Two non-resonant antenna elements, measuring 70 feet/21.34 meters each.  #22 AWG hookup wire was used for the antenna elements.

Two ceramic insulators and nylon rope to tie off the antenna segments.

Some push pins.

Short pieces of nylon rope to secure the antenna segments to the fence.

Nylon ties to secure antenna elements, the balun, and a portion of the coaxial feed line to the fence.

Various tools, including a soldering gun, wire clippers, pliers, knife, and sandpaper.

Shack equipment, including a Drake MN-4 ATU and a MFJ 941-E Versa tuner II.

Ten-Tec Argosy II, Swan 100-MX, and a Kenwood TS-520.

Heathkit Dummy load and a low pass filter.


I built the antenna in the garage.

Each antenna segment was soldered to its respective tab on the 1:1 current balun.  All connections were covered by several layers of vinyl electrical tape.

A ceramic insulator was attached to each end of each antenna element.

I positioned the balun horizontally across the top of the fence and secured it to the fence with several nylon ties.

I ran one antenna segment along the top of the fence and secured the attached end insulator with nylon rope and push pins to the top of the fence.

I ran the remaining antenna segment vertically down from the balun to the bottom of the fence, a distance of approximately 6 feet/1.82 meters.  The vertical portion was secured with nylon ties and a push pin.

Once the vertical section was secured, I ran the remaining length of the antenna (64 feet/19.51 meters) along the bottom of the fence and secured the attached end insulator with nylon rope and push pins to the lower portion of the fence.  The bottom element was approximately 1 inch (2.54 cm) above ground.

I then attached the RG-8X coaxial cable to the horizontally placed balun and ran the cable to a point approximately 10 feet/3.04 meter along the top of the fence.  The cable was secured to the fence at this point by nylon ties.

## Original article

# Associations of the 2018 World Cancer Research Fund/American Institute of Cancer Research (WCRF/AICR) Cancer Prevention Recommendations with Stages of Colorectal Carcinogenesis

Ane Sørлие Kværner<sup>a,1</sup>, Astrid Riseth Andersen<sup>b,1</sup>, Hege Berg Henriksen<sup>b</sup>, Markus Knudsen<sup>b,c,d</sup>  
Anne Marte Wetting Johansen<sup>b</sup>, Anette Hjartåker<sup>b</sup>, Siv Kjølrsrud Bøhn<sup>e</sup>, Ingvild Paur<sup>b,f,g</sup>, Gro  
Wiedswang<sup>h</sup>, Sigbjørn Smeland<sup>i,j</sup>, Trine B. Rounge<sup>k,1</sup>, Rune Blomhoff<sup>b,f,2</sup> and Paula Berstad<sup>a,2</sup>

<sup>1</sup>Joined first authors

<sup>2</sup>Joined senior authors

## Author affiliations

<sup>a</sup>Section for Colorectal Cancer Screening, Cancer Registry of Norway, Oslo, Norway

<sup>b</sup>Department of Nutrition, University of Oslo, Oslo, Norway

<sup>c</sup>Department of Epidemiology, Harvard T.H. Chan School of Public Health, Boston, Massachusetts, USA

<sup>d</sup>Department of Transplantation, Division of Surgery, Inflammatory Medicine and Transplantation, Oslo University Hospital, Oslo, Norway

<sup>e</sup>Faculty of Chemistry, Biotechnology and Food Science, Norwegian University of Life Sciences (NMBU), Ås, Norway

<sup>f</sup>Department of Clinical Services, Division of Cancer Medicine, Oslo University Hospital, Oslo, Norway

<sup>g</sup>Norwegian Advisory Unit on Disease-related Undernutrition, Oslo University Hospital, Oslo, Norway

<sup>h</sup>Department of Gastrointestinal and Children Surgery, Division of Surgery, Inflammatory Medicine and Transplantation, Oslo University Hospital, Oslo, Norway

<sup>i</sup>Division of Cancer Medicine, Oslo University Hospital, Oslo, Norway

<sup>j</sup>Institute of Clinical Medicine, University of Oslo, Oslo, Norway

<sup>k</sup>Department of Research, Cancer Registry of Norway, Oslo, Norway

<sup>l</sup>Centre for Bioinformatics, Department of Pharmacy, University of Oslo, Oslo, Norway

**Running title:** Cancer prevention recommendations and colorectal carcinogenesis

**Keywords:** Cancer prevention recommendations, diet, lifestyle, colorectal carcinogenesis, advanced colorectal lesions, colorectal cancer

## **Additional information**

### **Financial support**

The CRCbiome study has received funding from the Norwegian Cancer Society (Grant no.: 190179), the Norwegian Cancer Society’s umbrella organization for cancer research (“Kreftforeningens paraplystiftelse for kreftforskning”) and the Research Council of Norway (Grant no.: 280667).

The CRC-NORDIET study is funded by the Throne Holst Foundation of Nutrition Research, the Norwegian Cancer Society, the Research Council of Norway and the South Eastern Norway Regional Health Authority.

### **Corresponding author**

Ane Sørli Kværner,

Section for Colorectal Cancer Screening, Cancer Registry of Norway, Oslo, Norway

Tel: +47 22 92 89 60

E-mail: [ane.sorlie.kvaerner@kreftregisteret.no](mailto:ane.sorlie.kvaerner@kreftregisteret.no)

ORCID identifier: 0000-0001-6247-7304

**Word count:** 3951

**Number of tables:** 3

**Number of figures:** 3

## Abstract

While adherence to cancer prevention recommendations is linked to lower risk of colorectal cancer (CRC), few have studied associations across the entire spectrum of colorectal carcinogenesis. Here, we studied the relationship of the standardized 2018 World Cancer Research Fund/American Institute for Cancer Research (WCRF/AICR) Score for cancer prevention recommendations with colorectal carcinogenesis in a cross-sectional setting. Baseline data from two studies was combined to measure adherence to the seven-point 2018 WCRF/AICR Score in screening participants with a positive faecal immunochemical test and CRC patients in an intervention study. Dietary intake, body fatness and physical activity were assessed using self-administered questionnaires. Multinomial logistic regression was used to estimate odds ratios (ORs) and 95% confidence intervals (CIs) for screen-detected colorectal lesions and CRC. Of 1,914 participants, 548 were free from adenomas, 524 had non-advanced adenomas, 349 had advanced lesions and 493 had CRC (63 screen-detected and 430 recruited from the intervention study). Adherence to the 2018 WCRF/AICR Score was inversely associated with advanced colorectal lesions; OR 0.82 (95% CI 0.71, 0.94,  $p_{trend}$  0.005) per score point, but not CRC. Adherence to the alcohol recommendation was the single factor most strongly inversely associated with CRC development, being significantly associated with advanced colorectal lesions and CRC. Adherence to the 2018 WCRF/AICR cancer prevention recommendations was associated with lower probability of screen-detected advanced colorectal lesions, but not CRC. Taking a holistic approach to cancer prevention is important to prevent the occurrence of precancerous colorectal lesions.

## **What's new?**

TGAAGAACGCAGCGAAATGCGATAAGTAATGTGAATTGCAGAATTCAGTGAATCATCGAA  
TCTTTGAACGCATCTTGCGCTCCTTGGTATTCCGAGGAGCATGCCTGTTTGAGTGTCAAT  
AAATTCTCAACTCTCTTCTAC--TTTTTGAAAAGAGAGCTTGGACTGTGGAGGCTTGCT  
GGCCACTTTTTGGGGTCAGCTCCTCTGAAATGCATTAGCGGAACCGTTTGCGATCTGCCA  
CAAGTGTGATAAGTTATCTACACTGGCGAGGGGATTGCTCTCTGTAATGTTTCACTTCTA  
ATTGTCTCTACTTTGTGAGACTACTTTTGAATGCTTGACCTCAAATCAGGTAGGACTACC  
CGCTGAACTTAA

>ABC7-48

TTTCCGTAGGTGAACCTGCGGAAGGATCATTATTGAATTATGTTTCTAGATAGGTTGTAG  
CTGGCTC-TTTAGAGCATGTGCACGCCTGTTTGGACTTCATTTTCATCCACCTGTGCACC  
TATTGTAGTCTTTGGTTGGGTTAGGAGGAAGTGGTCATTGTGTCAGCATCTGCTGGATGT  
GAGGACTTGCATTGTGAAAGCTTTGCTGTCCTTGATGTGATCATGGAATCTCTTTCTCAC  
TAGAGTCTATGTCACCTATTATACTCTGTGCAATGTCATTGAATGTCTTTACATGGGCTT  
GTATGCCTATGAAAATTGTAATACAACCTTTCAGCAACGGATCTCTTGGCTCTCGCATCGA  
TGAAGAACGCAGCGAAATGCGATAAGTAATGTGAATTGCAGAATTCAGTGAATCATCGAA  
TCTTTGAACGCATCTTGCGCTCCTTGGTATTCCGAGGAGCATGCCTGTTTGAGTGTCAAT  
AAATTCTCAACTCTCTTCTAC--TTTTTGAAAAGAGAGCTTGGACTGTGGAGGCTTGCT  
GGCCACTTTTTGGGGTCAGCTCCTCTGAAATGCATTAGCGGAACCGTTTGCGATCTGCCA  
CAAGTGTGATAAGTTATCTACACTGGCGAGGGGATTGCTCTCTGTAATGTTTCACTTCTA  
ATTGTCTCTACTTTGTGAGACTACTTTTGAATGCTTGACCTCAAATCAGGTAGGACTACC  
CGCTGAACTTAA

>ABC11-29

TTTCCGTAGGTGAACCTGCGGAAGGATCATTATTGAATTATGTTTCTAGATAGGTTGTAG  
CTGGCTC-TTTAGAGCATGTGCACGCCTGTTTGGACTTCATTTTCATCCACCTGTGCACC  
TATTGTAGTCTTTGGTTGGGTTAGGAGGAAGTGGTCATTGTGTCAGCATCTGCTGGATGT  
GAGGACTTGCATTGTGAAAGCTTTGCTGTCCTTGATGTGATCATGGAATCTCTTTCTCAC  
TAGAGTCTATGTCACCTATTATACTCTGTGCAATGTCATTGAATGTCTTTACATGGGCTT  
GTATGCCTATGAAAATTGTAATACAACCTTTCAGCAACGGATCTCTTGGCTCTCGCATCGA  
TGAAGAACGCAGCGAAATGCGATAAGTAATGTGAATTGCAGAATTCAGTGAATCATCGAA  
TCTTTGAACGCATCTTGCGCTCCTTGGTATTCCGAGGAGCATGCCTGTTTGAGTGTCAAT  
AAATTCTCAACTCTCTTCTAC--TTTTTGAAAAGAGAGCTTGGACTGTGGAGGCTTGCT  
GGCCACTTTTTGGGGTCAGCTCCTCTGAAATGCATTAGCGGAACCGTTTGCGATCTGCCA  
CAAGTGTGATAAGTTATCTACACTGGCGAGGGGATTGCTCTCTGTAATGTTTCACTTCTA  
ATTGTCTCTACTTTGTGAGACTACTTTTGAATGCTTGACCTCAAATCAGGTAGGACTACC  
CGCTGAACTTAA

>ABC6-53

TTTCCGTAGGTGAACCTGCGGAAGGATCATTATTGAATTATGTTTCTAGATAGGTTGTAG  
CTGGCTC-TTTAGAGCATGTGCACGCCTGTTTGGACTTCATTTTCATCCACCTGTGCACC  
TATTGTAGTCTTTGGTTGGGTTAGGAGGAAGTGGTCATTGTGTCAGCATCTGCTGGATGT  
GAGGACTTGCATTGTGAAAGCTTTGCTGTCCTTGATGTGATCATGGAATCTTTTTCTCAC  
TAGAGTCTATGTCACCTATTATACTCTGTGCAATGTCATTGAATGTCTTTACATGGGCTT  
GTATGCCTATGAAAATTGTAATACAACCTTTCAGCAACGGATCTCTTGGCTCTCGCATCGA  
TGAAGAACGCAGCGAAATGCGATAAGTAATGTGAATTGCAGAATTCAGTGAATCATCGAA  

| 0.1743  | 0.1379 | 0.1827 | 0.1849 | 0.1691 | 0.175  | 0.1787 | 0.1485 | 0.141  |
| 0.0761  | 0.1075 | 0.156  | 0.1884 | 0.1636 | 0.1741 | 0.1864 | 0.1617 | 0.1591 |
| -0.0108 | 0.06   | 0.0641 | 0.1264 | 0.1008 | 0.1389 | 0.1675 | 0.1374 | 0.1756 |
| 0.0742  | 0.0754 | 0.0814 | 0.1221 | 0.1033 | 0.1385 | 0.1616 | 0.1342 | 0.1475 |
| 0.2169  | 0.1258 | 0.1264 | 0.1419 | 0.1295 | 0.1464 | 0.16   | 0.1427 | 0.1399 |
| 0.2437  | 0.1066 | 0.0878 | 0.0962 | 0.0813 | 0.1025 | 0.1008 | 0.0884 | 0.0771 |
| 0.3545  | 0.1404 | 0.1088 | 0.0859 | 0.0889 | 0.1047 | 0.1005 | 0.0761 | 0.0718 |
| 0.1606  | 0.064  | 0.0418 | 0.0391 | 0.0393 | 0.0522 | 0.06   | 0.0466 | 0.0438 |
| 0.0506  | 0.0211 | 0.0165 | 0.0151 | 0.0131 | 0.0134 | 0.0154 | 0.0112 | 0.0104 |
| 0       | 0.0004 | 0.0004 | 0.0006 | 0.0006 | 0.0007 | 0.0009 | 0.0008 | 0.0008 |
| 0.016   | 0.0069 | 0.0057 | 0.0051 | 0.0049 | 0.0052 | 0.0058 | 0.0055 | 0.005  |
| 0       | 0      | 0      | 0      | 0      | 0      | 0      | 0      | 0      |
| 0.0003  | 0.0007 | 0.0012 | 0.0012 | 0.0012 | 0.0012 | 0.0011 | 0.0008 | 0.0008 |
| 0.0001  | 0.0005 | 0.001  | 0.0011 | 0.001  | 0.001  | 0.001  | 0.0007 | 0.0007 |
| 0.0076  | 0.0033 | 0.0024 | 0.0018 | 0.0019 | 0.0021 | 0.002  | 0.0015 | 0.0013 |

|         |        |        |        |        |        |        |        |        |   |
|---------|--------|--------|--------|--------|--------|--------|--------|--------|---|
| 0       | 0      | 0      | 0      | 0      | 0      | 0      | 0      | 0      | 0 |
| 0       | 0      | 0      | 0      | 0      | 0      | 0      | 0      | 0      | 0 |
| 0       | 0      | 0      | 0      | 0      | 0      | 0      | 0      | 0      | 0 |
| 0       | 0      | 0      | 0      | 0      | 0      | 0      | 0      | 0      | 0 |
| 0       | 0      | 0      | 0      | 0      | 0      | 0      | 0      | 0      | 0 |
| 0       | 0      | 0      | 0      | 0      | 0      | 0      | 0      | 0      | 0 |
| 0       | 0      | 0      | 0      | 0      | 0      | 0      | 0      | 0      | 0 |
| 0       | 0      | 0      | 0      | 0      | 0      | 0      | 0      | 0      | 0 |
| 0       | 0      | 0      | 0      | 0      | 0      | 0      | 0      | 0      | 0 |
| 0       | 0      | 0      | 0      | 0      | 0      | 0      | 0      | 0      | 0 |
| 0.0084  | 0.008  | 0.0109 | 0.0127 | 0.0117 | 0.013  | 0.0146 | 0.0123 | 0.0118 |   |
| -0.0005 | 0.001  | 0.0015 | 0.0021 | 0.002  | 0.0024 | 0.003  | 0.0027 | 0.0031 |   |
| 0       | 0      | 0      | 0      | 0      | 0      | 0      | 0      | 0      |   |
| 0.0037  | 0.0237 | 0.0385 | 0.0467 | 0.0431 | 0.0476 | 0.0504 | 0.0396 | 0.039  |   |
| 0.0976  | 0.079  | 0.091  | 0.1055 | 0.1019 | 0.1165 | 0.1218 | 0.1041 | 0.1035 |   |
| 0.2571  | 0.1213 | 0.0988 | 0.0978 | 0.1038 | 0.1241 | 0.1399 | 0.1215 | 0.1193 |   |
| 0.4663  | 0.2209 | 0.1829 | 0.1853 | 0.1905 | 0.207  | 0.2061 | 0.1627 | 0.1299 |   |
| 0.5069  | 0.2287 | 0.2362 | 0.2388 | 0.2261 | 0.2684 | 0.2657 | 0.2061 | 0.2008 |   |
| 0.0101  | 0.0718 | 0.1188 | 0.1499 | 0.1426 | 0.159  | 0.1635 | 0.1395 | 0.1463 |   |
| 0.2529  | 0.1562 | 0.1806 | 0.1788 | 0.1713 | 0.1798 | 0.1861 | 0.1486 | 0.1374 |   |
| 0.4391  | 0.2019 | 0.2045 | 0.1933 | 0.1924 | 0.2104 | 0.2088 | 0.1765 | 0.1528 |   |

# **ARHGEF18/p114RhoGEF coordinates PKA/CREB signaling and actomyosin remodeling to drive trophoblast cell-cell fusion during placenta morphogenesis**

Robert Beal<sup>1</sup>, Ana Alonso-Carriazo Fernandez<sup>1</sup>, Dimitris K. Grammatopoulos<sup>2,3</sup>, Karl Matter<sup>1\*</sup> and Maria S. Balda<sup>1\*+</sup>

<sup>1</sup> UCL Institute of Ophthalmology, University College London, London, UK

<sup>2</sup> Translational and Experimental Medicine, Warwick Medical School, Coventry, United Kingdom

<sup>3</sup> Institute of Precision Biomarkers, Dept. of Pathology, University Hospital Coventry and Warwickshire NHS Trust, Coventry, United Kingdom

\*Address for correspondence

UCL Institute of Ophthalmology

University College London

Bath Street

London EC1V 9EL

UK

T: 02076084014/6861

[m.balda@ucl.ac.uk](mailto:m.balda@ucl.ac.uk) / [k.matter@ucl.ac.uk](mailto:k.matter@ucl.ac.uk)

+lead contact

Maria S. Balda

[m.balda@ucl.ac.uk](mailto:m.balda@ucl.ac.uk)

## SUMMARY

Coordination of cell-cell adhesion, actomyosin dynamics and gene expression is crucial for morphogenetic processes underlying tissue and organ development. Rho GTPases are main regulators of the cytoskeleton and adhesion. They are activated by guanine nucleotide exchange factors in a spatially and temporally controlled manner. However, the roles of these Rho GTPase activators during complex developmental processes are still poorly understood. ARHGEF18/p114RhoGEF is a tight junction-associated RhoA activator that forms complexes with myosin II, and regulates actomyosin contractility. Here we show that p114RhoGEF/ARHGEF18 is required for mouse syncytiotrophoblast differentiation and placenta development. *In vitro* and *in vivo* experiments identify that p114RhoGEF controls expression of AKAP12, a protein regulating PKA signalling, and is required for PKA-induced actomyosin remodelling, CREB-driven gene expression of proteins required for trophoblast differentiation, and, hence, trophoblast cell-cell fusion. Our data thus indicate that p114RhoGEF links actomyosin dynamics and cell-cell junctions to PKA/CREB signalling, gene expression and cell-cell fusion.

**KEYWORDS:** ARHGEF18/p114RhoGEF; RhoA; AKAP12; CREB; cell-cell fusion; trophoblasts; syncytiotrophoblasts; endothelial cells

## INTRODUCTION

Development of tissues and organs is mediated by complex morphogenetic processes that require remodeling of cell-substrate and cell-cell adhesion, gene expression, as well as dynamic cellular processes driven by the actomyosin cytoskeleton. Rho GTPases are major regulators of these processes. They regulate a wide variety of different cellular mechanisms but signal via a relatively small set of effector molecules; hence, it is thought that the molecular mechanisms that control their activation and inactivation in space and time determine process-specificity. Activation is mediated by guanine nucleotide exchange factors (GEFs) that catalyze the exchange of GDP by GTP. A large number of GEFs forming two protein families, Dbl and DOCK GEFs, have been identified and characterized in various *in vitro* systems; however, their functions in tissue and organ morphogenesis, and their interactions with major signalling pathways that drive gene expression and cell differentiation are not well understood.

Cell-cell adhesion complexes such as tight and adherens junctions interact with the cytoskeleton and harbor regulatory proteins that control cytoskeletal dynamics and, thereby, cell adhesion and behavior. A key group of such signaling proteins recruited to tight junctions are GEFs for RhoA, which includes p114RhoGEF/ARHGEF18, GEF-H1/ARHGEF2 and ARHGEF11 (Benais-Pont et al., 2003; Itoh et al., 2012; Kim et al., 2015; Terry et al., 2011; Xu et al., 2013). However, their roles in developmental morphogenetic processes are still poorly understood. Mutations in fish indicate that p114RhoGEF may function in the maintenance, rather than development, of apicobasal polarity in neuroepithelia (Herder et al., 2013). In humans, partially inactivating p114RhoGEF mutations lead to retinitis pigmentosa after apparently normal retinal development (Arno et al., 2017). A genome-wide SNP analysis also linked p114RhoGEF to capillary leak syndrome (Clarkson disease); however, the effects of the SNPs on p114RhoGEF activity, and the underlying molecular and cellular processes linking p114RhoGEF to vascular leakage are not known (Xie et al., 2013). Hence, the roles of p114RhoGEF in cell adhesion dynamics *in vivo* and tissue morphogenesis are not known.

The cable was run to a plastic hook on the garage and then to the patch panel in the shack window.  A 6-foot/1.82 meter section of RG-8X ran from the patch panel to the Drake MN-4 and later to the MFJ 941-E Versa Tuner II.  Small coaxial patch cords connected the Ten Tec Argosy II to the Drake MN-4 ATU, a low pass filter, and the Heathkit Dummy Load.


With the help of the Drake MN-4 and the MFJ 941-E Versa Tuner II, I was able to get a SWR of 1.5 to 1 or lower on 80, 40, 20, 30, 15, and 10 meters.  Performance was excellent for local and regional contacts. Better DX coverage can be obtained with a dipole or with a vertical antenna connected to a proper ground radial system.  But, for a simple, stealthy antenna, the "Fencetenna" is worth a try for those of you confronted with HOA and CC&R restrictions.  Remember, out of sight means out of mind.

Listed below are some additional stealth antenna sources you may find useful:

Thanks for joining us today!  You can follow our blog community with a free e-mail subscription or by tapping into the blog RSS feed.

Aloha es 73 de Russ (KH6JRM).

BK29jx15--along the beautiful Hamakua Coast of Hawaii Island.